Think about your last experience with your physical therapist (PT). Some of you are remembering a compassionate ear that you got to share your story with and feel heard. Some may only remember the encouragement they got to persevere and get a painful joint to move again and would gladly not like to remember it again. What you may not remember or even know is what kind of leader your PT was. Were they a top-down leader more comfortable at giving instructions than asking questions? Did they lead with humility and admit when they did not know something but would find out the answer and get back to you? What may surprise you is that health care providers, including PTs, go through extensive training to show care and compassion for people but their leadership styles can vary. Some may be more comfortable with a top-down approach to leading, while some may be more collaborative. There is an emerging style called servant leadership that may have some extra benefit to patients.
The phrase “servant leadership” has become popular in business but has made its way into healthcare more in the past few years. It has been researched heavily over the past few decades, but the concept was first used in 1970 by writer and business leader, Robert Greenleaf. He believed that leaders are most successful when they serve the needs of others more than their own.
“A servant-leader focuses primarily on the growth and well-being of people and the communities to which they belong. While traditional leadership generally involves the accumulation and exercise of power by one at the ‘top of the pyramid,’ servant leadership is different. The servant-leader shares power, puts the needs of others first and helps people develop and perform as highly as possible.”1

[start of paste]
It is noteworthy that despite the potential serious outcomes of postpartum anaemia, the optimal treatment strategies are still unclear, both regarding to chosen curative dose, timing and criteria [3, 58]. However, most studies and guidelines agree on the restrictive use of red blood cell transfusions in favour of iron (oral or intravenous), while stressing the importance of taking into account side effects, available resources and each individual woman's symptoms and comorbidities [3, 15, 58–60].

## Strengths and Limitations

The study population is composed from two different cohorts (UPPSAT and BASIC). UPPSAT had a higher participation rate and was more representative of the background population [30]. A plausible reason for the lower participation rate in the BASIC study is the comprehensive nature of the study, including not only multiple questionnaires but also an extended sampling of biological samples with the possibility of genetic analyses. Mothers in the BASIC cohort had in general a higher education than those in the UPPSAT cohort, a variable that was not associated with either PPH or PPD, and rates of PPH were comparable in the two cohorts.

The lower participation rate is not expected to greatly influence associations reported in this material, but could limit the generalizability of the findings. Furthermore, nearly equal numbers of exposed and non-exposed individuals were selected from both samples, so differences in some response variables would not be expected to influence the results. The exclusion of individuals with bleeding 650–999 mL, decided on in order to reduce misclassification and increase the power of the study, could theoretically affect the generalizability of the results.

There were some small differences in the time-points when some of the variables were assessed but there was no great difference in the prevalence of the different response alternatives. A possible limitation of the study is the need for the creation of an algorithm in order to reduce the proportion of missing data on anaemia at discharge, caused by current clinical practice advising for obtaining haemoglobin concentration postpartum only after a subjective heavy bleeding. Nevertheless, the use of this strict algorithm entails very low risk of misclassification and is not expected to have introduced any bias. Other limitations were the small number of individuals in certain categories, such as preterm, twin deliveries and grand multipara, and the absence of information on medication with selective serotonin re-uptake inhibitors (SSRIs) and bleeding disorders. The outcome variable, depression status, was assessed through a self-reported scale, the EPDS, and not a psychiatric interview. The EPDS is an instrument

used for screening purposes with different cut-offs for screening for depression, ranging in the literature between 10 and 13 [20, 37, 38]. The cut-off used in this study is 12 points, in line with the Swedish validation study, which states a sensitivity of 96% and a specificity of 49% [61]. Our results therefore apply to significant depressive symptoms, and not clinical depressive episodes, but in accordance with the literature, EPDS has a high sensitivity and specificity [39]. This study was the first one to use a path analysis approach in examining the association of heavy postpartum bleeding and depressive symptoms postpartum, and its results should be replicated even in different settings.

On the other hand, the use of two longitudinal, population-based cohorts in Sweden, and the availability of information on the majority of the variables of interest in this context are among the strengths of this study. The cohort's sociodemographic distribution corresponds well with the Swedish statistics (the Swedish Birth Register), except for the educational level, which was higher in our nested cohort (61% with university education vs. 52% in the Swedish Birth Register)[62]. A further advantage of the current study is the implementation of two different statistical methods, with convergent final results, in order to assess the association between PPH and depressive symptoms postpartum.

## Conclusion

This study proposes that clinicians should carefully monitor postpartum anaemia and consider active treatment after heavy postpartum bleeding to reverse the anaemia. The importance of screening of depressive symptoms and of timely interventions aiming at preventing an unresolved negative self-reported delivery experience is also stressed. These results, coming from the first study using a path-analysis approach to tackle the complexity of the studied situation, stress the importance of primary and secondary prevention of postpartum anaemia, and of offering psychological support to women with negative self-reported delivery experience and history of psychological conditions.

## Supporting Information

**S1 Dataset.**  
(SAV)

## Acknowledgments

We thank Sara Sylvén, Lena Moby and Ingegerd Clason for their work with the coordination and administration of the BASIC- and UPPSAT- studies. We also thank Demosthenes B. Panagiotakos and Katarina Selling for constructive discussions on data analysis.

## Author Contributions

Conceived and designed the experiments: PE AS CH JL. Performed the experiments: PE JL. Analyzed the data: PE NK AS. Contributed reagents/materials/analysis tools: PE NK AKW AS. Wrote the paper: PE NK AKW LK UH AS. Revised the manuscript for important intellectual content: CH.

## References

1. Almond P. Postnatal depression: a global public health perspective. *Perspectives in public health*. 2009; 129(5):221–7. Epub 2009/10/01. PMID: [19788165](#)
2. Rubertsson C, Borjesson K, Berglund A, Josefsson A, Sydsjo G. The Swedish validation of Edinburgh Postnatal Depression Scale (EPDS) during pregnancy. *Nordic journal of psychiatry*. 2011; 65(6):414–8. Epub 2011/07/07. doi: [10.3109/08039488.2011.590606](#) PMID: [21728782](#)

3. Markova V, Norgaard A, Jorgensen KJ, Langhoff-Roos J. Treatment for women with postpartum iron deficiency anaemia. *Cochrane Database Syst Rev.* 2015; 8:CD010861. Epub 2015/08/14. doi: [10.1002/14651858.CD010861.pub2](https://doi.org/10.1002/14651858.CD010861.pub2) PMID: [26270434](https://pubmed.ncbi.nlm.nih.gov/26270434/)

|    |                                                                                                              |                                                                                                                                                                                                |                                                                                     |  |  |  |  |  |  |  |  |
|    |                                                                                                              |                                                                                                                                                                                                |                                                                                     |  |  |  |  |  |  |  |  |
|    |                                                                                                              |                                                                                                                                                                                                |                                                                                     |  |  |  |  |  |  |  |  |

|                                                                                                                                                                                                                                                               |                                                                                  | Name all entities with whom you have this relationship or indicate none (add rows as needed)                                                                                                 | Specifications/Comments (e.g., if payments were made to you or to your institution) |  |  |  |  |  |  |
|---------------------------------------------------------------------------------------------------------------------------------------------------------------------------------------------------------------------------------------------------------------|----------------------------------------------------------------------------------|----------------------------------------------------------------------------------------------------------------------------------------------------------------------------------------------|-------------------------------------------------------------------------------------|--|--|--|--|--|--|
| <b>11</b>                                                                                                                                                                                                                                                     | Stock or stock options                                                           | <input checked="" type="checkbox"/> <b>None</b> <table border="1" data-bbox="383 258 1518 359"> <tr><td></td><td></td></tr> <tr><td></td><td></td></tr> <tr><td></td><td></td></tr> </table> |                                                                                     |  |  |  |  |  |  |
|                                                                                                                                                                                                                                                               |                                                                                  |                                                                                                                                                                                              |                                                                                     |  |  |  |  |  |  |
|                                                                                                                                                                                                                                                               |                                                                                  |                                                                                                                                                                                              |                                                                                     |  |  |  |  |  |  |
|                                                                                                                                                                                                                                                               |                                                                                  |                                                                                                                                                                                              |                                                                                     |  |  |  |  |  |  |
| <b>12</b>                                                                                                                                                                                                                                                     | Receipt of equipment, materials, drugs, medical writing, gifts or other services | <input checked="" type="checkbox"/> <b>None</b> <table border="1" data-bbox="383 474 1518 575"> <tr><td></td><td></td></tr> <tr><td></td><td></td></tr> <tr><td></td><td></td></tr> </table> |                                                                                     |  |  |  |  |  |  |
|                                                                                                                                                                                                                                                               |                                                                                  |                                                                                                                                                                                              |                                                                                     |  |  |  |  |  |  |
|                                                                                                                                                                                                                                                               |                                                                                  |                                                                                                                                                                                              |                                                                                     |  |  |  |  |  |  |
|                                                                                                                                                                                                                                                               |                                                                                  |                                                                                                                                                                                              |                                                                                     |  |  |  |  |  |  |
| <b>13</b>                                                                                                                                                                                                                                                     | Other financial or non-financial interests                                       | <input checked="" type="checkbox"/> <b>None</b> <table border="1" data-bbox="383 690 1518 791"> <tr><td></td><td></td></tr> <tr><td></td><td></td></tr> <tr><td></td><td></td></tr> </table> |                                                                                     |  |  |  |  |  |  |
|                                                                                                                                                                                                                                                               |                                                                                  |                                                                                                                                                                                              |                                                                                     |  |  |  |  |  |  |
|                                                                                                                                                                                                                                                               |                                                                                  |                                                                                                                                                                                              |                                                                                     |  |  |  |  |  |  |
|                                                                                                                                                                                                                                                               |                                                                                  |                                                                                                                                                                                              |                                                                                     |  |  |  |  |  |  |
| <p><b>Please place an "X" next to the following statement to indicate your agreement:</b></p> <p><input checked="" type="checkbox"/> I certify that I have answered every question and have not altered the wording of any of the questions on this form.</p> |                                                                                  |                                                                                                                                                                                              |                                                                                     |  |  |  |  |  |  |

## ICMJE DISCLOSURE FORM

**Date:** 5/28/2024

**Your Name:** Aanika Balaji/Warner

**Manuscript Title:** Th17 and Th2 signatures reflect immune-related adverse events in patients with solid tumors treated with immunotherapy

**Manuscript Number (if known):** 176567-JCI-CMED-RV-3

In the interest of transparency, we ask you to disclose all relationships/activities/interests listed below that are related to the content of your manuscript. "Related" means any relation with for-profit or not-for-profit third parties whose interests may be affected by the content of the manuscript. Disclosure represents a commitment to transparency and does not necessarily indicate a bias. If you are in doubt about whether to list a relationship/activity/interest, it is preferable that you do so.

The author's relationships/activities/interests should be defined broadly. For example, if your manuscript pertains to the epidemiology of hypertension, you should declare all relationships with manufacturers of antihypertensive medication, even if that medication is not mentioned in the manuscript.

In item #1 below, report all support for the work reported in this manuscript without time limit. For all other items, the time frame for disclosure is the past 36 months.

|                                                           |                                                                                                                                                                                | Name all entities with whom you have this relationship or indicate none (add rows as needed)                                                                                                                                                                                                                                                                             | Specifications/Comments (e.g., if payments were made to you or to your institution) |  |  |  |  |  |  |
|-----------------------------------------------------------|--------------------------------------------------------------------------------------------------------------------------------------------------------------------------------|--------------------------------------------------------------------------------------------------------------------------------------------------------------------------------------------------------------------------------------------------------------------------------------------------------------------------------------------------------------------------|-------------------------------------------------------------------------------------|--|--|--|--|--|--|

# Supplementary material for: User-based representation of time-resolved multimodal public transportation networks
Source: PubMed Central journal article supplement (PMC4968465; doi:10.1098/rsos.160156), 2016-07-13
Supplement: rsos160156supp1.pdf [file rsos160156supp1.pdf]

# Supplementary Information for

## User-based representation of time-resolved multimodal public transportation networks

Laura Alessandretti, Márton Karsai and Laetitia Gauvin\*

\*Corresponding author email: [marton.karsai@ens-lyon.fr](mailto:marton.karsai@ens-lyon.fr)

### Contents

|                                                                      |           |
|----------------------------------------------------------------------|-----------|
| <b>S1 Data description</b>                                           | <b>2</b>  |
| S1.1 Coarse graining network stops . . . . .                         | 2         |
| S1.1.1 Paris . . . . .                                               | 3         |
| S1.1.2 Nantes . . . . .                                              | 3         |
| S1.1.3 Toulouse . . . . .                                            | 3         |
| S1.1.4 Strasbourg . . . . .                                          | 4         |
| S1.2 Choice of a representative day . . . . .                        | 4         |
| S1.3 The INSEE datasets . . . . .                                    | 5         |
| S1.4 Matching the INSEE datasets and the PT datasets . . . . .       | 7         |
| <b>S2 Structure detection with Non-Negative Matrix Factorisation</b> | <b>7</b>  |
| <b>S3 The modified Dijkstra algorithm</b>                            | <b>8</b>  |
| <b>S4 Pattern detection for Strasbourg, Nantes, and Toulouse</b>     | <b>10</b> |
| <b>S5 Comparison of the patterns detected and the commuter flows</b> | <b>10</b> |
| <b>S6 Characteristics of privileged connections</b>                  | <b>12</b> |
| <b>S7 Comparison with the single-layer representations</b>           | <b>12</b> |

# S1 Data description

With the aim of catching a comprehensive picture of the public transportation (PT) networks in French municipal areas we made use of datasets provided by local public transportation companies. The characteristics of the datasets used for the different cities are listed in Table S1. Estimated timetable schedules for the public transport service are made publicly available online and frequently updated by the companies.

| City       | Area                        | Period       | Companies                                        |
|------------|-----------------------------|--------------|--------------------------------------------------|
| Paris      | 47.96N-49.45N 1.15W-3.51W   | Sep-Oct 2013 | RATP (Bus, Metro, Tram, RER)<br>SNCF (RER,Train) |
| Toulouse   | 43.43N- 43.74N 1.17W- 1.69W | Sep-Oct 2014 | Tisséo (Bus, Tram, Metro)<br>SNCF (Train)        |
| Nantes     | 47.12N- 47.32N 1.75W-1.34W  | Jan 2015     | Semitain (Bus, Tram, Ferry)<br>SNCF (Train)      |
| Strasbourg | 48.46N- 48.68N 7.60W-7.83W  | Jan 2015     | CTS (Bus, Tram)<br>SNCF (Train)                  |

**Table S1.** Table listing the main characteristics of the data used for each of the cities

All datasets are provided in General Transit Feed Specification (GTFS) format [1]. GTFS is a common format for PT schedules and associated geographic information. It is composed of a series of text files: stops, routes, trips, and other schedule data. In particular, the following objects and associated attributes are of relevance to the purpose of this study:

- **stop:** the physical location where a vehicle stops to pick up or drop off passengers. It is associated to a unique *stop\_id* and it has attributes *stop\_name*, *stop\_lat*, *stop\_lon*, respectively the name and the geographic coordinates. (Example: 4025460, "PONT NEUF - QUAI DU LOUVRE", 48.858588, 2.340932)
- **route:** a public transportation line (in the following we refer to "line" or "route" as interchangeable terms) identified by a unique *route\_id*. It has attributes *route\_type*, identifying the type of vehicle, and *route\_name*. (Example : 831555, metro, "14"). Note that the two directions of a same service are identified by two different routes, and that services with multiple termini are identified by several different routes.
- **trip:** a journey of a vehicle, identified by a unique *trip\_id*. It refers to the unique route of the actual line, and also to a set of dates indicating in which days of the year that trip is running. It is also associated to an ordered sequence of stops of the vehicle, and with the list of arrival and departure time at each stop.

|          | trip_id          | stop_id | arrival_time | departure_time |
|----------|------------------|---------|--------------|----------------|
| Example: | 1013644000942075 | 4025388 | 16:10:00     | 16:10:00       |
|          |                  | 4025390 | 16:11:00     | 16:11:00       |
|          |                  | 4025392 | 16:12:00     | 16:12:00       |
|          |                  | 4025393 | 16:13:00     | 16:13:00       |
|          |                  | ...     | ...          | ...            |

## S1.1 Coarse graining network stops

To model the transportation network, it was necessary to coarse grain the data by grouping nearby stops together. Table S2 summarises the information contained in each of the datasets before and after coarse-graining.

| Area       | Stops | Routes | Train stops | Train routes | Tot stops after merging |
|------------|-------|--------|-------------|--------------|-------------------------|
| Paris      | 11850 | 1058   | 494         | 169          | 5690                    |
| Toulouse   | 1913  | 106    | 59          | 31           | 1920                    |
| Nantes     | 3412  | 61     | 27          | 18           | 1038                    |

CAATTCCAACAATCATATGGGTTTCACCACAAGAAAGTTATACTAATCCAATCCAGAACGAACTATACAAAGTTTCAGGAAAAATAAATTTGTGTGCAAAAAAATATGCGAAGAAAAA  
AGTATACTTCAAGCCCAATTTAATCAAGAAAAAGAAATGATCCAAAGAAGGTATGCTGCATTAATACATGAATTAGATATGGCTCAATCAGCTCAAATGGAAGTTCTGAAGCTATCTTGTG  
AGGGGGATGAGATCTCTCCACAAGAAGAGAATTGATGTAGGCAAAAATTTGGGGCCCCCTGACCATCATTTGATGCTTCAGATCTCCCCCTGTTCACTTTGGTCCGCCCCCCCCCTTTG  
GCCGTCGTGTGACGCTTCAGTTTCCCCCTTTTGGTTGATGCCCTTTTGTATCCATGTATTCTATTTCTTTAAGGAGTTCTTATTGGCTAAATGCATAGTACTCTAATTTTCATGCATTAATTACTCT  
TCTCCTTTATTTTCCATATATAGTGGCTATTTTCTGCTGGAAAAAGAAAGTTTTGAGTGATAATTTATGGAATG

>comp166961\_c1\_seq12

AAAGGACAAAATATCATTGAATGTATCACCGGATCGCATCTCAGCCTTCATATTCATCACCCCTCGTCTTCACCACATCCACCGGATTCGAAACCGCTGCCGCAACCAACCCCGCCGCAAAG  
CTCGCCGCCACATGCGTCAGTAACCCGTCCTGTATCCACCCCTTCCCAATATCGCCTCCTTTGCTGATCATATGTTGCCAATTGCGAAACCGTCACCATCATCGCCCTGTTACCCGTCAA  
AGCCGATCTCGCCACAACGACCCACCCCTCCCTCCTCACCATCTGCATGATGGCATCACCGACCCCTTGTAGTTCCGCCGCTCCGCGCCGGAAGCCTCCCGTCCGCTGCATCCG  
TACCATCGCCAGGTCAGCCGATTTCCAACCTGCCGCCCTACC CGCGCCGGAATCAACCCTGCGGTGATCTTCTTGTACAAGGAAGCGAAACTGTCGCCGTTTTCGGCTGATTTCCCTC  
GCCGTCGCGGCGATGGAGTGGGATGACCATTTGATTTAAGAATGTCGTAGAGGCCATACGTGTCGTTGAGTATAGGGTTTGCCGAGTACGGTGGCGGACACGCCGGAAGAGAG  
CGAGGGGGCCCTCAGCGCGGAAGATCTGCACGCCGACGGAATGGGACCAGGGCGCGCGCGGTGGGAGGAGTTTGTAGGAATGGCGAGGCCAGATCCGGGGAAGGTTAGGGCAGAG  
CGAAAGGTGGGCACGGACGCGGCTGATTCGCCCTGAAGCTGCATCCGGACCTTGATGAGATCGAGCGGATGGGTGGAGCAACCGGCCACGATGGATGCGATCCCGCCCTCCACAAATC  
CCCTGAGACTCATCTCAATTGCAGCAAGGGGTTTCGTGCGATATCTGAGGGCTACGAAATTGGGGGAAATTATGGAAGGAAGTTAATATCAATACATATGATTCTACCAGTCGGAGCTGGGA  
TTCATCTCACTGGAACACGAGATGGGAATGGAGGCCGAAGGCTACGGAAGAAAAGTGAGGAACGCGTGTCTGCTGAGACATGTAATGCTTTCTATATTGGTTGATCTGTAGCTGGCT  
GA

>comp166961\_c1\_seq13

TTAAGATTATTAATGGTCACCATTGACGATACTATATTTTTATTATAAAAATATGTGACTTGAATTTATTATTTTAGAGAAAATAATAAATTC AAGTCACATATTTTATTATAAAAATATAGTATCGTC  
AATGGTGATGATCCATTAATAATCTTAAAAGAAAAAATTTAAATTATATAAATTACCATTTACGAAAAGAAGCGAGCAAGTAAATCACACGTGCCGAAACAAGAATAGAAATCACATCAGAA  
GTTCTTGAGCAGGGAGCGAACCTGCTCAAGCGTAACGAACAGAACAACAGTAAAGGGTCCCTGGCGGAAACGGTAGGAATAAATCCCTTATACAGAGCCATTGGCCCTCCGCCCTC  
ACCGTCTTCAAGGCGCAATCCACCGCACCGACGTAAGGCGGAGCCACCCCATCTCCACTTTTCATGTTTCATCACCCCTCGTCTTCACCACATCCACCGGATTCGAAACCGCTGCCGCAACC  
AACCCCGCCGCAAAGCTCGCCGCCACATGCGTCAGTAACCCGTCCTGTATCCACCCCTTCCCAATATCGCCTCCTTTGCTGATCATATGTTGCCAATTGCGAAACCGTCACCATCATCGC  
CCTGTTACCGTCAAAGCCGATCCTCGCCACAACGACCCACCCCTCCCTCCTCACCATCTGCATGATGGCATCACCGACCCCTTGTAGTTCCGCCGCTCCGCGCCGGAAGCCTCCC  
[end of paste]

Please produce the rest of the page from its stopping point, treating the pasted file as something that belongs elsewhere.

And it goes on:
– Robert K. Greenleaf Center for Servant Leadership
You’re probably thinking, ‘What does this have to do with my back pain?’ Well, in November 2021, Beth Collier, a researcher from Creighton University, published her dissertation where she got curious whether there was a correlation of leadership styles and patient outcomes, specifically patients with low back pain.2 And what she found out was interesting.
She studied 35 PTs with a survey that measures their behaviors of servant leadership (accountability, authenticity, courage, empowerment, forgiveness, humility, standing back, and stewardship) and compared them to outcomes for low back pain for the patients they treat.3 Providers who self-identified having higher amounts of servant leadership produced better outcomes for their patients compared to their peers who scored lower. In other words, the more the PT was able to treat with their patients’ interests in mind, the better their patients did at managing their back pain.
This is a small sample size but could be the beginning of some important research to help PTs treat patients better, and it may have less to do with the specific treatment provided. We may learn that fostering and developing PTs in clinics with mentorship programs led by servant-leaders may promote the best outcomes for patients. Like any other skills, servant leadership styles can be developed and may be an emphasis for PTs in life-long leadership development.
Next time you work with your PT, pay attention to their style, and consider the impact it has on your pain. You may conclude that it is more about how your PT helps you than what tools they use to treat with.
About Us: What is Servant Leadership? Accessed: May 4th, 2022. https://www.greenleaf.org/what-is-servant-leadership/
Collier, N. B. (2021). The Influence of Leadership Approach and Follower Self-Identity on Patient Outcomes in Physical Therapy (Doctoral dissertation, Creighton University).
van Dierendonck, D. & and Nuijten, I. (2011). The servant leadership survey: Development and validation of a multidimensional measure. Journal of Business Psychology, 26, 249-267. https://doi.org/10.1007/s10869-010-9194-1